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Ontario town votes to become a willing host for a nuclear waste repository

Click to play video: 'Finding a home for Canada’s nuclear waste'
Finding a home for Canada’s nuclear waste
WATCH: Finding a home for Canada's nuclear waste – Jun 3, 2024

A northwestern Ontario town has formally decided it is willing to become the site of a deep geological repository for Canada’s nuclear waste.

The Nuclear Waste Management Organization plans to select a site this year where millions of bundles of used nuclear fuel will be placed in a network of underground rooms connected by cavernous tunnels.

The process for the $26-billion project had already been narrowed down to two sites, Ignace in northern Ontario and another in southern Ontario, and the organization has said both the local municipality and the First Nation in those areas will have to agree to be willing hosts.

Ignace, between Thunder Bay and Kenora, on Wednesday became the first of those four communities to make its decision known, as town council voted in favour of it at a special meeting.

Coun. Wayne Minnear said he was pleased that the town will move forward to possibly host the repository.

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“I’m also surprised because everybody, or some people that I spoke to, were deadly against it … but the community has pulled together with the foresight to see that this is the plan of the future,” he said.

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The group We the Nuclear Free North criticized the process, which involved a consultant report and council vote, rather than the referendum the other municipality in the running is set to hold in October. As well, the group noted that the proposed site is outside the community, so Ignace council shouldn’t have the final say.

“At minimum this should be a regional decision, not the decision of one small upstream council,” Wendy O’Connor, a volunteer with the group, wrote in a statement.

Mayor Kim Baigrie called it “the decision of a lifetime” with a process that began more than 14 years ago.

“We put our hand up to state we were interested in hearing and learning more about this opportunity for our community – and boy, did we learn more.”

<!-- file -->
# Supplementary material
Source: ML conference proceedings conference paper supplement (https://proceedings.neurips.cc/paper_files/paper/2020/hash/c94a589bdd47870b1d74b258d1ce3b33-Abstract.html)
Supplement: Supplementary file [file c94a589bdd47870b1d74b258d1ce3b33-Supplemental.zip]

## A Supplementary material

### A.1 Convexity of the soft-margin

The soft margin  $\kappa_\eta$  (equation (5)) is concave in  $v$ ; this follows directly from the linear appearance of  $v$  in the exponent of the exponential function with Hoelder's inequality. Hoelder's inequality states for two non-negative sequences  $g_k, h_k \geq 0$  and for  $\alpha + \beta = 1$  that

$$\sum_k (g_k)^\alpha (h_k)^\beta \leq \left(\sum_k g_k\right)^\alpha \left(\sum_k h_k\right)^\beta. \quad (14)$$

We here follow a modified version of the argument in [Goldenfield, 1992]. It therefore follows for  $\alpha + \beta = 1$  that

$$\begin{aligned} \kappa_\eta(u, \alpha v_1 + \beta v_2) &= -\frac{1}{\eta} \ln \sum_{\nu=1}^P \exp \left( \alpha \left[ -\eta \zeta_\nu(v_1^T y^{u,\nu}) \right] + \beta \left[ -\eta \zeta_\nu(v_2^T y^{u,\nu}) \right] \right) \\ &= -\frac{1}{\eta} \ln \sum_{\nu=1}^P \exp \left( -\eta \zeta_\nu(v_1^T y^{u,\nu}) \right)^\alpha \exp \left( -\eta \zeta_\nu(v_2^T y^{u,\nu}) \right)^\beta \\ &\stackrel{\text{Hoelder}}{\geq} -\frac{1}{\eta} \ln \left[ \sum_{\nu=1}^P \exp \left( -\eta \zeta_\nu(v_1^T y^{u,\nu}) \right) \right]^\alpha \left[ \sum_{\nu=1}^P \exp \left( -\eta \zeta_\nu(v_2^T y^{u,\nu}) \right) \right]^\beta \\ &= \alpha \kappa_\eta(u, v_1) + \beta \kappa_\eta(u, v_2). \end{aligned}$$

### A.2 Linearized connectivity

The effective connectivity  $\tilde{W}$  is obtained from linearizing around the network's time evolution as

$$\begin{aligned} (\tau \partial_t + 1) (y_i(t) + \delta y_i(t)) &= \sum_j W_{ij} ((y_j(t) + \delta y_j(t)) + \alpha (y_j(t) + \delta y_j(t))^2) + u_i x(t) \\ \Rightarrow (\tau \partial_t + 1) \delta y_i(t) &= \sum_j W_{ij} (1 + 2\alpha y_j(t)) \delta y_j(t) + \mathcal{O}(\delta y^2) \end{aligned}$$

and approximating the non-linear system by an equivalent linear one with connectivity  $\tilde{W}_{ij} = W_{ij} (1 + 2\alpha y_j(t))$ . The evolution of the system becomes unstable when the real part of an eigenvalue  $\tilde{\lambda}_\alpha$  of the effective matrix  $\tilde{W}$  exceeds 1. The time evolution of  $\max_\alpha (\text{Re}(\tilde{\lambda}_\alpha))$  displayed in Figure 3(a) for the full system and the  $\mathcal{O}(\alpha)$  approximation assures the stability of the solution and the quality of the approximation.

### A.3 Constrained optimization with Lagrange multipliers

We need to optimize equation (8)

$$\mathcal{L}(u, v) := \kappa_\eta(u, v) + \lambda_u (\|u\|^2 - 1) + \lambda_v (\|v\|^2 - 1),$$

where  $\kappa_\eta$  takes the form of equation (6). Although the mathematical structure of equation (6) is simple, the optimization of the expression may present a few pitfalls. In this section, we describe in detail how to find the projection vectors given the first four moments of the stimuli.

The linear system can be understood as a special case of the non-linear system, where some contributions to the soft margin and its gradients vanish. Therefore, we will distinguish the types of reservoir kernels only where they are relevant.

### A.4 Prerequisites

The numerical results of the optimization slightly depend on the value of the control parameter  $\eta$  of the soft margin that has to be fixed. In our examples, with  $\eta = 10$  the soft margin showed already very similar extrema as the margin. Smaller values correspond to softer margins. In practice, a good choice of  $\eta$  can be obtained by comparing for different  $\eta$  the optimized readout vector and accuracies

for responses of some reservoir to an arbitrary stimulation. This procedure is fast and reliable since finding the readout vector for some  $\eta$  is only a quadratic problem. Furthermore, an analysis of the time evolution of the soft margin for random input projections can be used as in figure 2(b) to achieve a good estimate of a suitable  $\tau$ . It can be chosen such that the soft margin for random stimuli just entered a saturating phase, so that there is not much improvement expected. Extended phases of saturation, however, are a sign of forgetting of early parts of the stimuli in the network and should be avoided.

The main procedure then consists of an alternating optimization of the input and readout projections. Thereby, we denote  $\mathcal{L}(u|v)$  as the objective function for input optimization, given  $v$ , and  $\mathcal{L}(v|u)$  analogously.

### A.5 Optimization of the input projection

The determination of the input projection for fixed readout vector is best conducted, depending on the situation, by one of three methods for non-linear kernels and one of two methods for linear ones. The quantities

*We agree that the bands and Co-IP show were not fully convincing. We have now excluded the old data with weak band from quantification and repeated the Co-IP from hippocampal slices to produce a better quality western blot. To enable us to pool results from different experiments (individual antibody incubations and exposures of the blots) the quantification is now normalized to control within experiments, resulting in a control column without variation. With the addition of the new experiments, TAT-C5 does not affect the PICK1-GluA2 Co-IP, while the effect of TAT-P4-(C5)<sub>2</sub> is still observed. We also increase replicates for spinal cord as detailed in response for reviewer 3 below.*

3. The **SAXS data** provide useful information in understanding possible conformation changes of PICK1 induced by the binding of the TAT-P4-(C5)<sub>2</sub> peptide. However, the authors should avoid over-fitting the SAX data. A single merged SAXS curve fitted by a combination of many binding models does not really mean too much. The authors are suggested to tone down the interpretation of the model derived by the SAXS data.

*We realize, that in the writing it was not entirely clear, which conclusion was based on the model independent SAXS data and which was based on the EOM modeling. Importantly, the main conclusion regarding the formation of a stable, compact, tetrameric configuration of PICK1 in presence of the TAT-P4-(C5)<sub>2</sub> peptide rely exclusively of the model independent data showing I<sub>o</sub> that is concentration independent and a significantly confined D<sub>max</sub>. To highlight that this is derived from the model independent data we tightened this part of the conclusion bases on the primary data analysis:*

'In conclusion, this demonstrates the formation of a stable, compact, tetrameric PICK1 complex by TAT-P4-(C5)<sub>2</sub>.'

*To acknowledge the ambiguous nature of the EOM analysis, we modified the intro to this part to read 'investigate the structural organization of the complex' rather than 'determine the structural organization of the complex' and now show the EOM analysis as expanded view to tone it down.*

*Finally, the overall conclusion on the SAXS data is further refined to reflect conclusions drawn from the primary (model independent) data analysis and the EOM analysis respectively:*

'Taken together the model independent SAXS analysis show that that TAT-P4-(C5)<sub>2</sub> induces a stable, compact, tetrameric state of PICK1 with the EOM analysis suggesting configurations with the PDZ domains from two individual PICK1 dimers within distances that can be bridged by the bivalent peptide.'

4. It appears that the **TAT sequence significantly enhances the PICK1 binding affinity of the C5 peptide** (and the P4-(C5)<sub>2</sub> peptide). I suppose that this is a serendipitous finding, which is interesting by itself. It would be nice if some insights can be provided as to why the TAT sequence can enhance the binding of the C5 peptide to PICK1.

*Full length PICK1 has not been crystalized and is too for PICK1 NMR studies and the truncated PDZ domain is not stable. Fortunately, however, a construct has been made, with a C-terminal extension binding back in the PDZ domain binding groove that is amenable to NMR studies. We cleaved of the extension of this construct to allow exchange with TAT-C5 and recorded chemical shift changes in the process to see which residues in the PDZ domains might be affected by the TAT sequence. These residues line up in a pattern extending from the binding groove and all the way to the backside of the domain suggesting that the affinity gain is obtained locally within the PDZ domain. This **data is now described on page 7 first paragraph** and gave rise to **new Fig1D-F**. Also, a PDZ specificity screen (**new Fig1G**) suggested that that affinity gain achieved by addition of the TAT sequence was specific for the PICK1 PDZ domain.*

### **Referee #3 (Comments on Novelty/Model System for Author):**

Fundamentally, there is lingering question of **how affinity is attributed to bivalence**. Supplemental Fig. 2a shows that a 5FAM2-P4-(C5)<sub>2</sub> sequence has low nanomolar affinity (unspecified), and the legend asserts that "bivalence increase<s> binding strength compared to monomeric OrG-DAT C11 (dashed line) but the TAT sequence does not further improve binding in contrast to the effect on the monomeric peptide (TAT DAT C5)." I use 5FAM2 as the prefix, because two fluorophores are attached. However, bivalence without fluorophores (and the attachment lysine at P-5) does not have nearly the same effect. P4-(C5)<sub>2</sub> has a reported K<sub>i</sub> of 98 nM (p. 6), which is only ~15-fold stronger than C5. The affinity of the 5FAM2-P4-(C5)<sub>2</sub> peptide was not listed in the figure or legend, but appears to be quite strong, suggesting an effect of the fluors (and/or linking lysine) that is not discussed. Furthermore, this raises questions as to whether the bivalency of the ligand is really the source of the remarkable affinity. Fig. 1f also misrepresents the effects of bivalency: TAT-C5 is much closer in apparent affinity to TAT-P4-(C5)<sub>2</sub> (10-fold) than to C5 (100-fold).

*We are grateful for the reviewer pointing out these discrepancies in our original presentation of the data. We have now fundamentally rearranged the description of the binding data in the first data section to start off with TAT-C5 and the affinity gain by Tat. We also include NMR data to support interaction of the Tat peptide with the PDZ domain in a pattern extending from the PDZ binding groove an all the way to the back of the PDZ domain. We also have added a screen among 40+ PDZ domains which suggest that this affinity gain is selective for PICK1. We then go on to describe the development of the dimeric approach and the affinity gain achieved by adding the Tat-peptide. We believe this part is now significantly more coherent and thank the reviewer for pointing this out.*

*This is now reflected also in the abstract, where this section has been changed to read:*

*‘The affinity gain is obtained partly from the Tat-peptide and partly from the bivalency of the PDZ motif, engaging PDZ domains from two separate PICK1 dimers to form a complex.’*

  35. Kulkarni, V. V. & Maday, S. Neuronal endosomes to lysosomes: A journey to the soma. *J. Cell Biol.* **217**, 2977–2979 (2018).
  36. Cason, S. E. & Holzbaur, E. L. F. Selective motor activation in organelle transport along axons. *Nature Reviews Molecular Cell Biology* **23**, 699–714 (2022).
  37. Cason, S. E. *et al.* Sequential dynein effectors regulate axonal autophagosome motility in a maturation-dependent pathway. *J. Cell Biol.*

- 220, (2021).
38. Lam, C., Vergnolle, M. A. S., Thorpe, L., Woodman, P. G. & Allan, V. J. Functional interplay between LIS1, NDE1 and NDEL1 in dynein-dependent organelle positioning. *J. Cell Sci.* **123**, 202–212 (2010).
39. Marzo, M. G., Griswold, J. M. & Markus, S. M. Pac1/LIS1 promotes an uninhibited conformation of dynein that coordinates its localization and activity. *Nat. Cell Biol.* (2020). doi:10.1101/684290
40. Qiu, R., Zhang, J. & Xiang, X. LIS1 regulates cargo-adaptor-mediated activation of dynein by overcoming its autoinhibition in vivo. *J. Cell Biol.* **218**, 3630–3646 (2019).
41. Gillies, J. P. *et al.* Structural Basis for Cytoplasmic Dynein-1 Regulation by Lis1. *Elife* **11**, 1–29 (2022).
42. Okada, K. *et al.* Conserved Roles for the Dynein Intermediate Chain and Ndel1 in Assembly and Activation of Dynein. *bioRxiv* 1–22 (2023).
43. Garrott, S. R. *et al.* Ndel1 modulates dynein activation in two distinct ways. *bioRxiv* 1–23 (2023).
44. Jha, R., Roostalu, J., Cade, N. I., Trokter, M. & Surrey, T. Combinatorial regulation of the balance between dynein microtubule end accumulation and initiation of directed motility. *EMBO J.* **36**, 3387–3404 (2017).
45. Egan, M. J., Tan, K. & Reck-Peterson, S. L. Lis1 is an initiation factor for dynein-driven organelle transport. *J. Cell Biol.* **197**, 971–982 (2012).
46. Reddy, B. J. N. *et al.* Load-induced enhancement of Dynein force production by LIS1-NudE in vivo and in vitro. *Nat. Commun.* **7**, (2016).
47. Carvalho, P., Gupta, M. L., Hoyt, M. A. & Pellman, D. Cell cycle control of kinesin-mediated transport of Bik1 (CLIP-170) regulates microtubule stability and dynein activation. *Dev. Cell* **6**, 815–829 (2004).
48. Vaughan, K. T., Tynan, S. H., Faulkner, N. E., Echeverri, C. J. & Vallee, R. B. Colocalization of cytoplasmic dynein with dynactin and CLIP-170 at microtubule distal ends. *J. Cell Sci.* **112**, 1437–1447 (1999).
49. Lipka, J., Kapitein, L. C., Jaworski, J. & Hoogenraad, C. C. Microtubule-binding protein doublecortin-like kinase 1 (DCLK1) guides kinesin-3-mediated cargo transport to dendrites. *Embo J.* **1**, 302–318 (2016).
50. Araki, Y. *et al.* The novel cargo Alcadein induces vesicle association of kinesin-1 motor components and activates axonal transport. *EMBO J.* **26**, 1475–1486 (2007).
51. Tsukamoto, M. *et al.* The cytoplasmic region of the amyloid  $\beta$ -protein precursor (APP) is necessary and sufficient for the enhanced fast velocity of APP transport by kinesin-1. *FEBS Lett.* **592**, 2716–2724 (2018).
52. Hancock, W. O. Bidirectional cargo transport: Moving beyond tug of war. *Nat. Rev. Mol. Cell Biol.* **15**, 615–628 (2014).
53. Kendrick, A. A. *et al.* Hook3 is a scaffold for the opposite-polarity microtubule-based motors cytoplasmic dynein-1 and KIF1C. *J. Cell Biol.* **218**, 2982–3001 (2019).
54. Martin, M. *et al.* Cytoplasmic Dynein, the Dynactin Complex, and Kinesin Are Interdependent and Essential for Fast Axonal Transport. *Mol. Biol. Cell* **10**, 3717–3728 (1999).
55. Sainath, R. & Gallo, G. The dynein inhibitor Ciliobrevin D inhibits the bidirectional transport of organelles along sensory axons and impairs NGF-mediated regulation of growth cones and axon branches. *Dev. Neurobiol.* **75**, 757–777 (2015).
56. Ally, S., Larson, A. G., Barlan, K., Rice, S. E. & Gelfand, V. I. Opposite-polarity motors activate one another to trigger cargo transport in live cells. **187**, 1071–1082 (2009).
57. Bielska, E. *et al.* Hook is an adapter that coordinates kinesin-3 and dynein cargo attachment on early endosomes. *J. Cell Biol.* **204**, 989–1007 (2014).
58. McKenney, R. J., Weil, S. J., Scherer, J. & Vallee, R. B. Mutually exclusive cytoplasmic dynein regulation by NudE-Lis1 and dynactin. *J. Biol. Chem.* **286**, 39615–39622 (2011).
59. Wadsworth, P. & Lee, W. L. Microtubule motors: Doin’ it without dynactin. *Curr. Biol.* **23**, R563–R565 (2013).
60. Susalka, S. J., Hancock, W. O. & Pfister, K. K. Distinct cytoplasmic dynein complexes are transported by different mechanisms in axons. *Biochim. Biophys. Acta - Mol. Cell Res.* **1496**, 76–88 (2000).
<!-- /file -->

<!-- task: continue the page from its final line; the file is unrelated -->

A committee of community members tasked with taking the pulse of the town’s willingness presented the results of a community vote before council made its decision. Out of the 640 residents who voted, 495 or 77 per cent voted in favour.

Wabigoon Lake Ojibway Nation is expected to make its decision in October, and neither the municipality of South Bruce nor the Saugeen Ojibway Nation has yet made a decision.

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The current fleet of nuclear reactors in Canada will produce about 5.5 million used fuel bundles, with around 3.2 million already in either wet or dry storage on-site at nuclear plants.

But the Nuclear Waste Management Organization says the current containers of thick concrete walls lined on the outside with a steel plate are designed to last 50 years, so they are not a long-term solution.

The organization, funded by the corporations that generate nuclear power and waste, such as Ontario Power Generation and Hydro-Québec, is instead planning to build a deep geological repository, as far underground as the CN Tower is tall.

The used nuclear fuel pellets, baked into ceramic, are contained in fuel rods made of corrosion-resistant Zircaloy. Those rods will be in containers made of carbon steel and coated with copper, and those containers will be packed into bentonite clay.

Opponents in the affected communities worry about safety, while proponents see value in the jobs and economic development the project will bring.

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